Archive for February, 2010


Seen at Marca.com.


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Innovate or die!

The Joy of Tech Comic

Originally published at The Joy of Tech.

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Originally published at PHD Comics.

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There are lessons to be learned in the most unexpected occasions. Last week Banco Espírito Santo came on campus for a corporate presentation integrated in the Banking industry week organized by the Lisbon MBA Career Management Center. They had a great presentation, led by Pedro Raposo, their Human Resources Director, one of those guys that really makes you want to be on his team. Enthusiastic, poised, candid and to-the-point. He reminded us that in these rough times people should be having a fresh look at their priorities. Then he told us about the “formula of hapiness”:

Simply put, your actual hapiness equals your real hapiness divided by your expected happiness. Your actual happiness will tend to infinite as your expectations of happiness tend to zero. The bigger your expectations… well, you do the math.

This concept is extremely useful from a leadership perspective, as it can be applied to the happiness of the people you lead (and this does not exclusively mean the people who report to you in a job function). The more you understand and appropriately manage their expectations, the bigger your power to maximize their happiness. As a leader, your own happiness is a function of their happiness, so you will be increasing the value of your numerator as well – we may call it the compound happiness effect. Something you can’t get from a bank account.

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Anyone who has been through an MBA program will tell you how challenging it is in terms of time and stress management. It is well known that top business schools design their programs to be demanding enough so that they adequately prepare the class to deal with stressful situations and heavy workload in their future careers.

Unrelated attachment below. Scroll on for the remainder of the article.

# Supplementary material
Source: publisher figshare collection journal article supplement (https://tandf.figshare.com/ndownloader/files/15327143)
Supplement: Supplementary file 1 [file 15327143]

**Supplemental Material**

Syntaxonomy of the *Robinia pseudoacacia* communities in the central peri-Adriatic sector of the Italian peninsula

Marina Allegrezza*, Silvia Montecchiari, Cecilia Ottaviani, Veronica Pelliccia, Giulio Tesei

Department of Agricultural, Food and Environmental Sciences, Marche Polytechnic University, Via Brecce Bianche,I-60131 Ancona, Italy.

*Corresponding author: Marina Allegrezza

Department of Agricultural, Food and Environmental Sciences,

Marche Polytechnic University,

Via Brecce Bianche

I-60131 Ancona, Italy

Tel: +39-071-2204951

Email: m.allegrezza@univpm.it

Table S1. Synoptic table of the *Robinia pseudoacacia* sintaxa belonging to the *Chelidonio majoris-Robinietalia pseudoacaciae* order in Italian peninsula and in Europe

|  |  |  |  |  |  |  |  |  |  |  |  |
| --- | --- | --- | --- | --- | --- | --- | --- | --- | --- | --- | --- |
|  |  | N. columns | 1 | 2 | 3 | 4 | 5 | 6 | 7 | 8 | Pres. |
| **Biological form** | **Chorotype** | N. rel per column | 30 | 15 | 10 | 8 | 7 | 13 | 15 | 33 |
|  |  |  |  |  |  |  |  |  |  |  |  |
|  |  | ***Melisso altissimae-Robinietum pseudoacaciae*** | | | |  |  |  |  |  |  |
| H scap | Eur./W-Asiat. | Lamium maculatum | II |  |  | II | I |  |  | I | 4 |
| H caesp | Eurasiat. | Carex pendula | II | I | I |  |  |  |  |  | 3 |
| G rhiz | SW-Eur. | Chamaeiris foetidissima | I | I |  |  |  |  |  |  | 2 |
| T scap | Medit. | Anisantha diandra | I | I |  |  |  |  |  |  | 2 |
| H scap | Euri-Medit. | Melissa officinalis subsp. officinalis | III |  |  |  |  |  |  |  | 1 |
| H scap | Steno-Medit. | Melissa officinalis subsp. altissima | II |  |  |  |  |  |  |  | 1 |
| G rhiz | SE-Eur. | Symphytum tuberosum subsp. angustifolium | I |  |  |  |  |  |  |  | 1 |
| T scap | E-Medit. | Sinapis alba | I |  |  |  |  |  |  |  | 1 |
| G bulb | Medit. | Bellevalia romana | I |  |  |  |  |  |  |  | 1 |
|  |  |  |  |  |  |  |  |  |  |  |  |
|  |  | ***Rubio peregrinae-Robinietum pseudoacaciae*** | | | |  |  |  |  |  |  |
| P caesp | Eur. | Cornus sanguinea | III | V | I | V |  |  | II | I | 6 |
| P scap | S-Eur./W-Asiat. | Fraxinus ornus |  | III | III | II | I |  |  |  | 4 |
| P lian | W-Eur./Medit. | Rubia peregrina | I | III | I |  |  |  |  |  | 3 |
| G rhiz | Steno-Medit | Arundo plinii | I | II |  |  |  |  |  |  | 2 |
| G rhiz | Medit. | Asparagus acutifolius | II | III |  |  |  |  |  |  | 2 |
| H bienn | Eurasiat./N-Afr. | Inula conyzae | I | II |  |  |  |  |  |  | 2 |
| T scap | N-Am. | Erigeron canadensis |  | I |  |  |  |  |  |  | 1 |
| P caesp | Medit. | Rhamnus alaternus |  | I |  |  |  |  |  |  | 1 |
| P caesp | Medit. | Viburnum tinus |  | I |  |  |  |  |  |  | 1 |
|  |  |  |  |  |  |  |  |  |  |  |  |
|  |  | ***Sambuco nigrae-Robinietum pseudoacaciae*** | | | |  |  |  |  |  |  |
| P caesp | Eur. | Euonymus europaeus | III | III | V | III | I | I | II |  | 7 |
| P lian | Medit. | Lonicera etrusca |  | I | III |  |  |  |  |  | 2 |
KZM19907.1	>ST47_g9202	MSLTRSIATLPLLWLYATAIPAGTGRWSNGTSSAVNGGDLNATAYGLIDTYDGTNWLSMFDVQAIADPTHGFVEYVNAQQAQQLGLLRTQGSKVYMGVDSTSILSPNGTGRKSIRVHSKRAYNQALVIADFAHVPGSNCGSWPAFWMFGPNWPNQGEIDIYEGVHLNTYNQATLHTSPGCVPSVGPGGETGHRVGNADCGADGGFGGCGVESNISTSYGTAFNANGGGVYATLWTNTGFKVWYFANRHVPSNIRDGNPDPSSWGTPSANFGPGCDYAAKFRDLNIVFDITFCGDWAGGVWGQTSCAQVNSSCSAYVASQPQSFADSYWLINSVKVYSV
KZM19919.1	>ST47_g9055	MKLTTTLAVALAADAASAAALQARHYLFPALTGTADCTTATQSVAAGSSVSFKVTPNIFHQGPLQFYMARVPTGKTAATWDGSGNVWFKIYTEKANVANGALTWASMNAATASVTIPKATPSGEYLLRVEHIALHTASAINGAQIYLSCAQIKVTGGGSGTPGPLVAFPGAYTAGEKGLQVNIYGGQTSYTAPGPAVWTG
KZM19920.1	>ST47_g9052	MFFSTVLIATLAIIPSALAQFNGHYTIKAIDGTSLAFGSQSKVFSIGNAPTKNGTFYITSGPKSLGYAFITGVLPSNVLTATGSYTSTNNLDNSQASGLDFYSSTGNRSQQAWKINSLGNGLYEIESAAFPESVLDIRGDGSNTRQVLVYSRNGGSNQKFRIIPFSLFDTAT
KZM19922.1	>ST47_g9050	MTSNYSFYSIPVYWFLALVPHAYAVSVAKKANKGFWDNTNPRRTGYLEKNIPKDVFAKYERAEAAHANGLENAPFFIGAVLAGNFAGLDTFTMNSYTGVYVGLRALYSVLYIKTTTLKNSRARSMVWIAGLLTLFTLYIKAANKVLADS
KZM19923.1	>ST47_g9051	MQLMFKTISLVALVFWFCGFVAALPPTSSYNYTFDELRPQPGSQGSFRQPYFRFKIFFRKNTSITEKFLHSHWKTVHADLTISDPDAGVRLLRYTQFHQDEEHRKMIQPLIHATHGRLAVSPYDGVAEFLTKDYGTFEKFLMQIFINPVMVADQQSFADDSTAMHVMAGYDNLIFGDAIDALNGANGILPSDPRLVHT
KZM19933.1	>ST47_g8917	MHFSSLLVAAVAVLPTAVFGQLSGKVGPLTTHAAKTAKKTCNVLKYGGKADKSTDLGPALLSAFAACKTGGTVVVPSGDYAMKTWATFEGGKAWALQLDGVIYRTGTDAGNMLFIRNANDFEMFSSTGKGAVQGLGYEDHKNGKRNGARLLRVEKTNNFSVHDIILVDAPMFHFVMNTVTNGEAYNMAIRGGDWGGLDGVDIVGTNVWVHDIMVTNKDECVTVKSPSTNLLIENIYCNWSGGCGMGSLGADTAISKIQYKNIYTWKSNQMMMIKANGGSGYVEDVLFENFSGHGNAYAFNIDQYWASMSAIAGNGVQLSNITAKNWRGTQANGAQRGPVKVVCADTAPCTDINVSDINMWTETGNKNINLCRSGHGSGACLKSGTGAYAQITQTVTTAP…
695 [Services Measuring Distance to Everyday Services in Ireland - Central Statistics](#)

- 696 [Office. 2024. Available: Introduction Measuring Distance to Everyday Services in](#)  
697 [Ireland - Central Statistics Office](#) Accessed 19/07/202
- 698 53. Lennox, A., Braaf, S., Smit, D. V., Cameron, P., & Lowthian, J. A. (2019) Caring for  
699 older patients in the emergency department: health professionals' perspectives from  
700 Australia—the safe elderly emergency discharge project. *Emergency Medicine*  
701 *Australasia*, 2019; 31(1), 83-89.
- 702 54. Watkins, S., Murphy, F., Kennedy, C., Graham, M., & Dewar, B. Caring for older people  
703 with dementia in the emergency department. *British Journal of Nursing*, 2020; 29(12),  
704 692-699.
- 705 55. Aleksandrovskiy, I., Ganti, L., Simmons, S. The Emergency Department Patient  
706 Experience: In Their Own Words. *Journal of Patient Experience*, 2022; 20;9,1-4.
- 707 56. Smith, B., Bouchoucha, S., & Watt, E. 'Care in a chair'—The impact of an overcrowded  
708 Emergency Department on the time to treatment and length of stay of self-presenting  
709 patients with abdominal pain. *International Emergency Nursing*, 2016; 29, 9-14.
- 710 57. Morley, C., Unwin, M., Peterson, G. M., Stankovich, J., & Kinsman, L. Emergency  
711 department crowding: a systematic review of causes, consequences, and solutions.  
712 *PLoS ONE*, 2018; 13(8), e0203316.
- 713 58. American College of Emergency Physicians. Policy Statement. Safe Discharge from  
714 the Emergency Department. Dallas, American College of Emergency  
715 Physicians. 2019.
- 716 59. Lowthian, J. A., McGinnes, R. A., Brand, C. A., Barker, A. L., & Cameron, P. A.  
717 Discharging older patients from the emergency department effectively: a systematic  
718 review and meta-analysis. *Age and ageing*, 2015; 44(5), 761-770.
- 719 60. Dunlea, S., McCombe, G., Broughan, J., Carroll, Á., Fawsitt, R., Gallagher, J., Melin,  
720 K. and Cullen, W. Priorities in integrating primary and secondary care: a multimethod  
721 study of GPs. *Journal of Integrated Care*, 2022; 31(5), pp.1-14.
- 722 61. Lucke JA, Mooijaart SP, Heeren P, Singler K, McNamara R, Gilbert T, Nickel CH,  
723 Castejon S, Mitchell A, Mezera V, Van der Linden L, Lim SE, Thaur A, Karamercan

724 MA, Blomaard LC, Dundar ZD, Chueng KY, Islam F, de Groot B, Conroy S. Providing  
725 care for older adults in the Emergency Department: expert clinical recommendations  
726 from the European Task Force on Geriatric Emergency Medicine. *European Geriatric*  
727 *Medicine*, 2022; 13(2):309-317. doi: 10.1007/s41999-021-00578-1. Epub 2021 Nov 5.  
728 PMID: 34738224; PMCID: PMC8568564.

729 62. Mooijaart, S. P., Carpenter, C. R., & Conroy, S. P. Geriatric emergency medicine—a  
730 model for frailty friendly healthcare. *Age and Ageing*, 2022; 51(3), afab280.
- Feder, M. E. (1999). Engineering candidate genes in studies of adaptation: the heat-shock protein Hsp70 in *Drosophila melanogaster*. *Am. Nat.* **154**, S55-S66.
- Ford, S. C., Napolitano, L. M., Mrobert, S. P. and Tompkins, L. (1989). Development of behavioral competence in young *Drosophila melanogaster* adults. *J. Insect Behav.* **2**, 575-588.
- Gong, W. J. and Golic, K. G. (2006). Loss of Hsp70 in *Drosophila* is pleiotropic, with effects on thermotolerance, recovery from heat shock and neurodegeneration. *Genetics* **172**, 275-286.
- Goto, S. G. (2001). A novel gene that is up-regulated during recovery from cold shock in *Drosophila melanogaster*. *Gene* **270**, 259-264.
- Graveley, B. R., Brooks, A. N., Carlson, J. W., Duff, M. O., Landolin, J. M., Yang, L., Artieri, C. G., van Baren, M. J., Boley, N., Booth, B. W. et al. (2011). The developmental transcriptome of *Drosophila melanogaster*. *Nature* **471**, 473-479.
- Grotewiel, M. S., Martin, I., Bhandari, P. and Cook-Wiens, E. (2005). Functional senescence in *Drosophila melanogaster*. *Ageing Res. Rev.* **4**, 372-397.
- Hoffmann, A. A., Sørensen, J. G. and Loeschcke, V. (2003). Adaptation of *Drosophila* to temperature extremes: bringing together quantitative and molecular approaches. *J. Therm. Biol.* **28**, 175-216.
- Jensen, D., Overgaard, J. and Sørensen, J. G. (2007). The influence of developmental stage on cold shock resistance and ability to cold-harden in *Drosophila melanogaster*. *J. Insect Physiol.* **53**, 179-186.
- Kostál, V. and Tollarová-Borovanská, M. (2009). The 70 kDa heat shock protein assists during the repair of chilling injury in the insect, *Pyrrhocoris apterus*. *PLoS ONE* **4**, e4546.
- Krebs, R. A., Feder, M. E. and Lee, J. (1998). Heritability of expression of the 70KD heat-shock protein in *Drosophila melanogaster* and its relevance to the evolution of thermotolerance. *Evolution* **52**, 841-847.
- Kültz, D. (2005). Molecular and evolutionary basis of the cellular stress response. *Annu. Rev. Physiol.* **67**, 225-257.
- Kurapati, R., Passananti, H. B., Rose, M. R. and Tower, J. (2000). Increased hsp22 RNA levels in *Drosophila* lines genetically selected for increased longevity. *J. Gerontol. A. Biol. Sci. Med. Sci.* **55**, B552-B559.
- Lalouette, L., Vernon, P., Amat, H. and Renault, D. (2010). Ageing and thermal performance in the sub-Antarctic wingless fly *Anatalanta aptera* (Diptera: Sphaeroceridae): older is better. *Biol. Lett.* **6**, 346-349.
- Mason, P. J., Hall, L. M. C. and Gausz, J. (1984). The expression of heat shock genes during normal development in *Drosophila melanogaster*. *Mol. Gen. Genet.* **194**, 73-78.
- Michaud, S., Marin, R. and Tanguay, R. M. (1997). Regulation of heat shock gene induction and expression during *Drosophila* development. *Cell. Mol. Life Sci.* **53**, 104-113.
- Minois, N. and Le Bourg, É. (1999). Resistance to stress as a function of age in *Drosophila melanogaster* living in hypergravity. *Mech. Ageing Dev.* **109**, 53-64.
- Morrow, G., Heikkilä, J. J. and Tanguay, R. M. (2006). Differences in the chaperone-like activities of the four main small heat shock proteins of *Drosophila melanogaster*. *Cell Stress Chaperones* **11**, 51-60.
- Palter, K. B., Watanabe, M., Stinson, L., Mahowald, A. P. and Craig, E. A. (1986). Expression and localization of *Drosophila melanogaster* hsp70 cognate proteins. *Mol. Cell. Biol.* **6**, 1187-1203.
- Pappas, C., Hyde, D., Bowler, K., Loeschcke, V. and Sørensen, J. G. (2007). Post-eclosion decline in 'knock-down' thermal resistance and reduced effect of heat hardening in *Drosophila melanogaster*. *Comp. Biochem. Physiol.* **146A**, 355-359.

A former Lisbon MBA student, with whom I spoke before enrolling, compared her early experience in the program to being a recruit in the special forces. After these initial 4 weeks I am in a much better position to understand the comparison. Of course I’ve had my share of 100-hour weeks during my life as an IT consultant, and it helps having recently been responsible for a team of 15 CRM support analysts scattered around 4 continents, with back-to-back conference calls with demanding customers in Sydney, Kobe, London, Madrid, Mexico City and São Paulo, an ever-full email inbox and enough air miles to redeem for space travel. Nevertheless, I am now feeling the stress of preparing case studies, homework, playing a real-time on-line inventory management simulation, having group discussions, preparing a marketing plan (all happening simultaneously), and lack of time to read class materials and books required for the end-of-term exams in 2 weeks time. Sleep deprivation is weighting down on me, and on top of it I came forward as a candidate for the students’ committee, which will require some additional effort in case I am elected.

I am fortunate to have worked in enough projects requiring organizational change management to become familiar with John Fisher’s process of transition, or the change curve for short. This is a model partially based on Elizabeth Kübler-Ross’s five stages of grief, and often used to prepare individuals to cope with change processes in their function or organization, with the objective of minimizing resistance to change and its associated negative effects.
The Process of Transition

Understanding the model and being able to recognize the stage at which one is during the change process can be extremely encouraging, as going through the “valley of despair” requires significant emotional support in order to avoid the most common escape mechanisms. I stared at this picture for quite a while this week, and keep reminding myself how great that uphill ride is going to feel.

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